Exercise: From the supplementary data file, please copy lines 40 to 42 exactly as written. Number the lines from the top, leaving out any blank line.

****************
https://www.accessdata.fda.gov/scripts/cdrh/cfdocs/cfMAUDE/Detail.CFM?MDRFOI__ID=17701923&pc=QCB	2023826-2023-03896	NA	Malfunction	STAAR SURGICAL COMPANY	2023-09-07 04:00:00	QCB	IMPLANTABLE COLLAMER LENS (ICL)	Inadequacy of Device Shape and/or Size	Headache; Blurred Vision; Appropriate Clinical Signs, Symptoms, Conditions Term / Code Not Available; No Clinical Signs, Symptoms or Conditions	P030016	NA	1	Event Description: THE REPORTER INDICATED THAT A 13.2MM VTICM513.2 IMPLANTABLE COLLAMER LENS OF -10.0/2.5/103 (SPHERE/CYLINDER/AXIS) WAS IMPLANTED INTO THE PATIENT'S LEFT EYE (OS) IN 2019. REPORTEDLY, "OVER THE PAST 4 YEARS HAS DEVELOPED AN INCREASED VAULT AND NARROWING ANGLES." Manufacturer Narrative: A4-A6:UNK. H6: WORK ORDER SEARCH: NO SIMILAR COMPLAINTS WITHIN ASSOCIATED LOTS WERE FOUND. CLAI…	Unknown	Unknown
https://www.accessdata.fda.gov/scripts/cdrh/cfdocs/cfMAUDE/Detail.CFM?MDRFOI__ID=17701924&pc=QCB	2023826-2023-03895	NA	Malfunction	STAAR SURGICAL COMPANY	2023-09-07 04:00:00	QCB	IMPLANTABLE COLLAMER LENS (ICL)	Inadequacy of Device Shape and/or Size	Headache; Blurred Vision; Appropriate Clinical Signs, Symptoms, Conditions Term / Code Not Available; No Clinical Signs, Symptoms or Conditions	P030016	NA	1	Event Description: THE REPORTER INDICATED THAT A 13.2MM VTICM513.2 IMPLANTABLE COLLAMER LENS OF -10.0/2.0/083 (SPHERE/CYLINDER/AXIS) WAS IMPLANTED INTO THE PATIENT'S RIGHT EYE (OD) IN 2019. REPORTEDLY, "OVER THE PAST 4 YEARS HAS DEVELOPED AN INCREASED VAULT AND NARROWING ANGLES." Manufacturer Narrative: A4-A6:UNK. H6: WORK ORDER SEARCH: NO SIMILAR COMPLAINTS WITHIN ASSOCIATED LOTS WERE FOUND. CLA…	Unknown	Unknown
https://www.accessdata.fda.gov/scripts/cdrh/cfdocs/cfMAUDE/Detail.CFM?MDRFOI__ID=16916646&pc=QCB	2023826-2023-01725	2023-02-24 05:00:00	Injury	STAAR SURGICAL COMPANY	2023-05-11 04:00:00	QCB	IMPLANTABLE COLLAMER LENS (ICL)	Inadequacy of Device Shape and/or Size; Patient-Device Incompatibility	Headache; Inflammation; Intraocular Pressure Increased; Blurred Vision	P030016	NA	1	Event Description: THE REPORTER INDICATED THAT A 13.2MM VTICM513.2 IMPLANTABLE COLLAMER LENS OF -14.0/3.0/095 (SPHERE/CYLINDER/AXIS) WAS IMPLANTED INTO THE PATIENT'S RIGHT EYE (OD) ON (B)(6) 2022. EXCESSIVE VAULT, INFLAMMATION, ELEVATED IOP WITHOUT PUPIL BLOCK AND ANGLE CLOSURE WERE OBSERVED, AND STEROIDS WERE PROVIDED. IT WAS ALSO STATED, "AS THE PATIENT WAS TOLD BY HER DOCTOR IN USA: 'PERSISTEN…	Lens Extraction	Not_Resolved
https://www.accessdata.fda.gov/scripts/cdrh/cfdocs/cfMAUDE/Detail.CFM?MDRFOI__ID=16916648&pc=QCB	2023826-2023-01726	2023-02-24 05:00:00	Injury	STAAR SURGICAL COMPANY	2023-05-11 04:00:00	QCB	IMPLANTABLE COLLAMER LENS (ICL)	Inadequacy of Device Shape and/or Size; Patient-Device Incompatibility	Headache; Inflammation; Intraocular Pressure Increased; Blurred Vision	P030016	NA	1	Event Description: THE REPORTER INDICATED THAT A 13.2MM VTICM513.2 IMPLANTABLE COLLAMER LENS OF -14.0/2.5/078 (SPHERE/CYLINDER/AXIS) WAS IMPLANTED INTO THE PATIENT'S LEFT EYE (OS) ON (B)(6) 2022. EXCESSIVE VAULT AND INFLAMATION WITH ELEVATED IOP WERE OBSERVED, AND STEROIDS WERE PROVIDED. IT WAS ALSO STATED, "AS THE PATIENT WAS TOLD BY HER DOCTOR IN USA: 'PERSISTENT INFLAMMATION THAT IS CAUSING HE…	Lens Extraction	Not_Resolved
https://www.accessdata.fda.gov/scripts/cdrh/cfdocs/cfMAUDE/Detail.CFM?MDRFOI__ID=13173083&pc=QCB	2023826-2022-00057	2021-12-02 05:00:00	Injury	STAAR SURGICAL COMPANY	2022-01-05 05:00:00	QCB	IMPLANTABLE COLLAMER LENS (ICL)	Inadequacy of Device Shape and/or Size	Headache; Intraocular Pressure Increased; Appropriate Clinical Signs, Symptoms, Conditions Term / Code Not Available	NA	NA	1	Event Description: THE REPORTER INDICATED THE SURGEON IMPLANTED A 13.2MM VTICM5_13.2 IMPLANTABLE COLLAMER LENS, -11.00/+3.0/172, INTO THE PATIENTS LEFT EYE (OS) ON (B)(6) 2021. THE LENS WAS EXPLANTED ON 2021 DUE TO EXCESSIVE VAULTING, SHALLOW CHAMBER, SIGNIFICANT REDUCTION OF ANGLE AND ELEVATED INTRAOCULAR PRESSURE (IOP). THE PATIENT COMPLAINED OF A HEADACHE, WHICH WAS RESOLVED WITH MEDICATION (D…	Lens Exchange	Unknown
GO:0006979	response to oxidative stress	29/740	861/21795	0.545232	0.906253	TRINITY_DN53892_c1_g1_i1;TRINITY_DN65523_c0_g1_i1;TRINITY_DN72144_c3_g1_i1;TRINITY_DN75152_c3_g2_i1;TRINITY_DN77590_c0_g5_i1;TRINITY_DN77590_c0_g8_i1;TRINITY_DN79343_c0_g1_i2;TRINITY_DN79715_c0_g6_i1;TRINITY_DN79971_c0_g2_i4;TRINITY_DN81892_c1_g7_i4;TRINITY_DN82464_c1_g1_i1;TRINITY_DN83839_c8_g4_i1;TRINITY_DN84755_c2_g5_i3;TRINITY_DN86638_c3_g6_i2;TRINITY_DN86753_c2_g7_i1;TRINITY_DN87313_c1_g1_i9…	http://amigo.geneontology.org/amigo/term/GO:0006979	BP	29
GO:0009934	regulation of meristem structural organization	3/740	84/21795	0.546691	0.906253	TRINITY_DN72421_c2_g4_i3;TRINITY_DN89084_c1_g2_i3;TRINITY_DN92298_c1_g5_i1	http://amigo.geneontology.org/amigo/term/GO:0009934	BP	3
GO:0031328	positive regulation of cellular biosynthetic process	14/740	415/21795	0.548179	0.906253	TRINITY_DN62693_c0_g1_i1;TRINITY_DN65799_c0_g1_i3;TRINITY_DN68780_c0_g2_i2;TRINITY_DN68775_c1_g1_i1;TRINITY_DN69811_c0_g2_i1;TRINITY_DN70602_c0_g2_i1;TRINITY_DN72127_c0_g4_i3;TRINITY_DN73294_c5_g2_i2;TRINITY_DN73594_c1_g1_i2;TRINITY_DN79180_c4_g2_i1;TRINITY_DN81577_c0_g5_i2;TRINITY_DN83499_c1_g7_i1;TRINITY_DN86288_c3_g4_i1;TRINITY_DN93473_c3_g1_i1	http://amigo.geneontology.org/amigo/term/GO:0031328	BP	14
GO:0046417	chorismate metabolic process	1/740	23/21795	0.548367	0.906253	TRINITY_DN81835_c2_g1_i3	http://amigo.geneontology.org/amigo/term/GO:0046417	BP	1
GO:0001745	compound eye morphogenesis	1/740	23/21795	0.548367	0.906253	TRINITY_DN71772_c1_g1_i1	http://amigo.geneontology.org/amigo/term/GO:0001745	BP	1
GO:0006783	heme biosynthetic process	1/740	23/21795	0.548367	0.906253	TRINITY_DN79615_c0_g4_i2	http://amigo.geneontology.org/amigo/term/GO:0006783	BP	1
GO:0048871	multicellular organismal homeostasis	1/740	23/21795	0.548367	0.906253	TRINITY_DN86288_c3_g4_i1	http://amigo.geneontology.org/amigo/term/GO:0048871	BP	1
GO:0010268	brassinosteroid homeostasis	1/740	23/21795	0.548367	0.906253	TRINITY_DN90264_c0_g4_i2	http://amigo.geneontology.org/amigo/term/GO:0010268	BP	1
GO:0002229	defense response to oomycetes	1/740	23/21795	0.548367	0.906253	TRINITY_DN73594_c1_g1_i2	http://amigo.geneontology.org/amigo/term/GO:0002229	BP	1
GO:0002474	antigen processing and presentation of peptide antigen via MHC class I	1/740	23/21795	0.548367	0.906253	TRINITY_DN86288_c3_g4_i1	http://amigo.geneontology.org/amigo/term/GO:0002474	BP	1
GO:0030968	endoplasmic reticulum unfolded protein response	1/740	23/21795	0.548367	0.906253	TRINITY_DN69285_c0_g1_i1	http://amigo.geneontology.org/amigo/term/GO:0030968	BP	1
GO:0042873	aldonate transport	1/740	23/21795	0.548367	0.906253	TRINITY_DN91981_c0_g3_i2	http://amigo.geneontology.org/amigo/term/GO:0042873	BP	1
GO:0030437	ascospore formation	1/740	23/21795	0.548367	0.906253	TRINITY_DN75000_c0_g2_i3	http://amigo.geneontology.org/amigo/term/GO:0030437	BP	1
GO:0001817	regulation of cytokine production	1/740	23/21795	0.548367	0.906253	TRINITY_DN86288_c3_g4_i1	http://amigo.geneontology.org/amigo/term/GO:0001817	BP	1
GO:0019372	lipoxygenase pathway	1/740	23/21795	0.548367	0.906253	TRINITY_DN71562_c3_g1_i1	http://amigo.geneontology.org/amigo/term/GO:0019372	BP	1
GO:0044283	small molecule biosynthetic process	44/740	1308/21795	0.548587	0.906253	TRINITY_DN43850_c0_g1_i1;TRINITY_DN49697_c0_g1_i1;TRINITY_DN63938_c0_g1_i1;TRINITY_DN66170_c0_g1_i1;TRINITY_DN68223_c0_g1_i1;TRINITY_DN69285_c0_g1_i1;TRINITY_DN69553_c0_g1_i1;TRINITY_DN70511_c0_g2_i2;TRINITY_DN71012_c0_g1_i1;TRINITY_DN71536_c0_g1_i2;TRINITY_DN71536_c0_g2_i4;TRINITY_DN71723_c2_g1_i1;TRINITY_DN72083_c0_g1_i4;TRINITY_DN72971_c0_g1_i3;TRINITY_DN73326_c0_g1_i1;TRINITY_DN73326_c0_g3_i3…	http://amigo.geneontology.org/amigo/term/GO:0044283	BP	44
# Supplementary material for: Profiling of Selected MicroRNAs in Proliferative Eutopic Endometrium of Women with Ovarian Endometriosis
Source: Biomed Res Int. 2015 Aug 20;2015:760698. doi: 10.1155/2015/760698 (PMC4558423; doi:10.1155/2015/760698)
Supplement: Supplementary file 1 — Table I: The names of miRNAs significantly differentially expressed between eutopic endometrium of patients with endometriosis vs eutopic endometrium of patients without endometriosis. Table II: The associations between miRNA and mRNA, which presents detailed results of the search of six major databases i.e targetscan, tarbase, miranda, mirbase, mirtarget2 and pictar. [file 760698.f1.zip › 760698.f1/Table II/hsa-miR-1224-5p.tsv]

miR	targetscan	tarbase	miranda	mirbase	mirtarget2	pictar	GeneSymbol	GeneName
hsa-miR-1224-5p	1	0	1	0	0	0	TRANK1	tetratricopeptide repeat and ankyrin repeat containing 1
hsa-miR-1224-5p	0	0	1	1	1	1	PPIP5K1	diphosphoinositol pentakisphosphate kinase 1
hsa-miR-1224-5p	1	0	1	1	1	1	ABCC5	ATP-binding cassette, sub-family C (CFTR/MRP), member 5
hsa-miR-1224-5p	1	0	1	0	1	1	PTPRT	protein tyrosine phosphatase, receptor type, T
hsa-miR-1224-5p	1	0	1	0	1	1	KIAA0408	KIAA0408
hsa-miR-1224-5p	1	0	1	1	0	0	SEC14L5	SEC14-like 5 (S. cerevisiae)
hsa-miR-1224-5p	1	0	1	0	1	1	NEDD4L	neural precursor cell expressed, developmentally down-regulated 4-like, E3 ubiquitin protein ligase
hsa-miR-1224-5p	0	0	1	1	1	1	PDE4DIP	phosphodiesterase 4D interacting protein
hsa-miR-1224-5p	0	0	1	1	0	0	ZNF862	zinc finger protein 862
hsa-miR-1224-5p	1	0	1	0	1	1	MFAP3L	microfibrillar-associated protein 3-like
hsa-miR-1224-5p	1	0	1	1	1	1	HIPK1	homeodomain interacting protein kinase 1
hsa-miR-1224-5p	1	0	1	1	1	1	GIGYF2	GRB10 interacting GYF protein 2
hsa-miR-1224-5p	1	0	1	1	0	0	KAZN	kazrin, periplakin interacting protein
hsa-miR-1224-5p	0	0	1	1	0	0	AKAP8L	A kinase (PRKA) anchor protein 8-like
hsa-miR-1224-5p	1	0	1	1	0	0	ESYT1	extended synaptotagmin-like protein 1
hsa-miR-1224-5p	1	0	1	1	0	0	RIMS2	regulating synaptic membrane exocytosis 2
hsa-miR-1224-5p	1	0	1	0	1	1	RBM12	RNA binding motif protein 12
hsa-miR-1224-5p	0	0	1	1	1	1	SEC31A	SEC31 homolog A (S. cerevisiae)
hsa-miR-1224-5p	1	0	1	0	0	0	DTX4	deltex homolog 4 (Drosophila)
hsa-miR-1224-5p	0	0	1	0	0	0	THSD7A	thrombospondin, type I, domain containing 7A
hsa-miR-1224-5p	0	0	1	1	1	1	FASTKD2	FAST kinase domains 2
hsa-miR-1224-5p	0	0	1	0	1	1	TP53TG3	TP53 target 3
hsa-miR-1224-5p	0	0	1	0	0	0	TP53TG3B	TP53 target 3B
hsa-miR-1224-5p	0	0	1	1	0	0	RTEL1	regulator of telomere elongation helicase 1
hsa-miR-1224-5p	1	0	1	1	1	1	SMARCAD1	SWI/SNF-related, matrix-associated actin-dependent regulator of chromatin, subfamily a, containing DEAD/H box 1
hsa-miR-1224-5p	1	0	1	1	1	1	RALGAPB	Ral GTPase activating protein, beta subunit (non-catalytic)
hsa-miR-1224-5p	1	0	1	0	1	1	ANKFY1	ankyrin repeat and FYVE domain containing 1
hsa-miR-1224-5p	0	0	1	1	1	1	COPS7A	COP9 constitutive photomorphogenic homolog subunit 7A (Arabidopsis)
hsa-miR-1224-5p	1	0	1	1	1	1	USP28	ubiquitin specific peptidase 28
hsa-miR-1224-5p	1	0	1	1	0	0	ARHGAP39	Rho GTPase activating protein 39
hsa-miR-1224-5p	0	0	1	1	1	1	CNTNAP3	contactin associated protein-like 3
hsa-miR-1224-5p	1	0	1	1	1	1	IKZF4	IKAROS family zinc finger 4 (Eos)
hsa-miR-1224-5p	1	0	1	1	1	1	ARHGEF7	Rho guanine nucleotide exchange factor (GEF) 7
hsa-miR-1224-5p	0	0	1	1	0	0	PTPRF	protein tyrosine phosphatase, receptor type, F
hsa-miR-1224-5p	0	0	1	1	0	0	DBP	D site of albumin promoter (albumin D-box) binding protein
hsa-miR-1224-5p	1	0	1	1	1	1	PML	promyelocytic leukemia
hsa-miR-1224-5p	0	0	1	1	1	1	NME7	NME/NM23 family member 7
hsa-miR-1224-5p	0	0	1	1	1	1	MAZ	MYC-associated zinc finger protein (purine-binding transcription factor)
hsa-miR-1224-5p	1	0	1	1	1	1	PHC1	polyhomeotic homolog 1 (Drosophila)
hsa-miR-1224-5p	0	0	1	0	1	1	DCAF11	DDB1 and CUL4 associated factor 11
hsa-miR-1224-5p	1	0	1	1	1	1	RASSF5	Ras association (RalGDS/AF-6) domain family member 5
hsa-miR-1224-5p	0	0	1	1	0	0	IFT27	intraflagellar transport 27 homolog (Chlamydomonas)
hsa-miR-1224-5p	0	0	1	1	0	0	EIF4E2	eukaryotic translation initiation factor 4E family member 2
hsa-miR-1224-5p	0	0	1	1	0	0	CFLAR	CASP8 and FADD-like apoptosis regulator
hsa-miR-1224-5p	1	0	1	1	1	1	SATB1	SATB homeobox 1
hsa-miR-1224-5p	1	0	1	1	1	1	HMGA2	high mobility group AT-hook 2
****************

hsa-miR-1224-5p	1	0	1	1	0	0	ESYT1	extended synaptotagmin-like protein 1
hsa-miR-1224-5p	1	0	1	1	0	0	RIMS2	regulating synaptic membrane exocytosis 2
hsa-miR-1224-5p	1	0	1	0	1	1	RBM12	RNA binding motif protein 12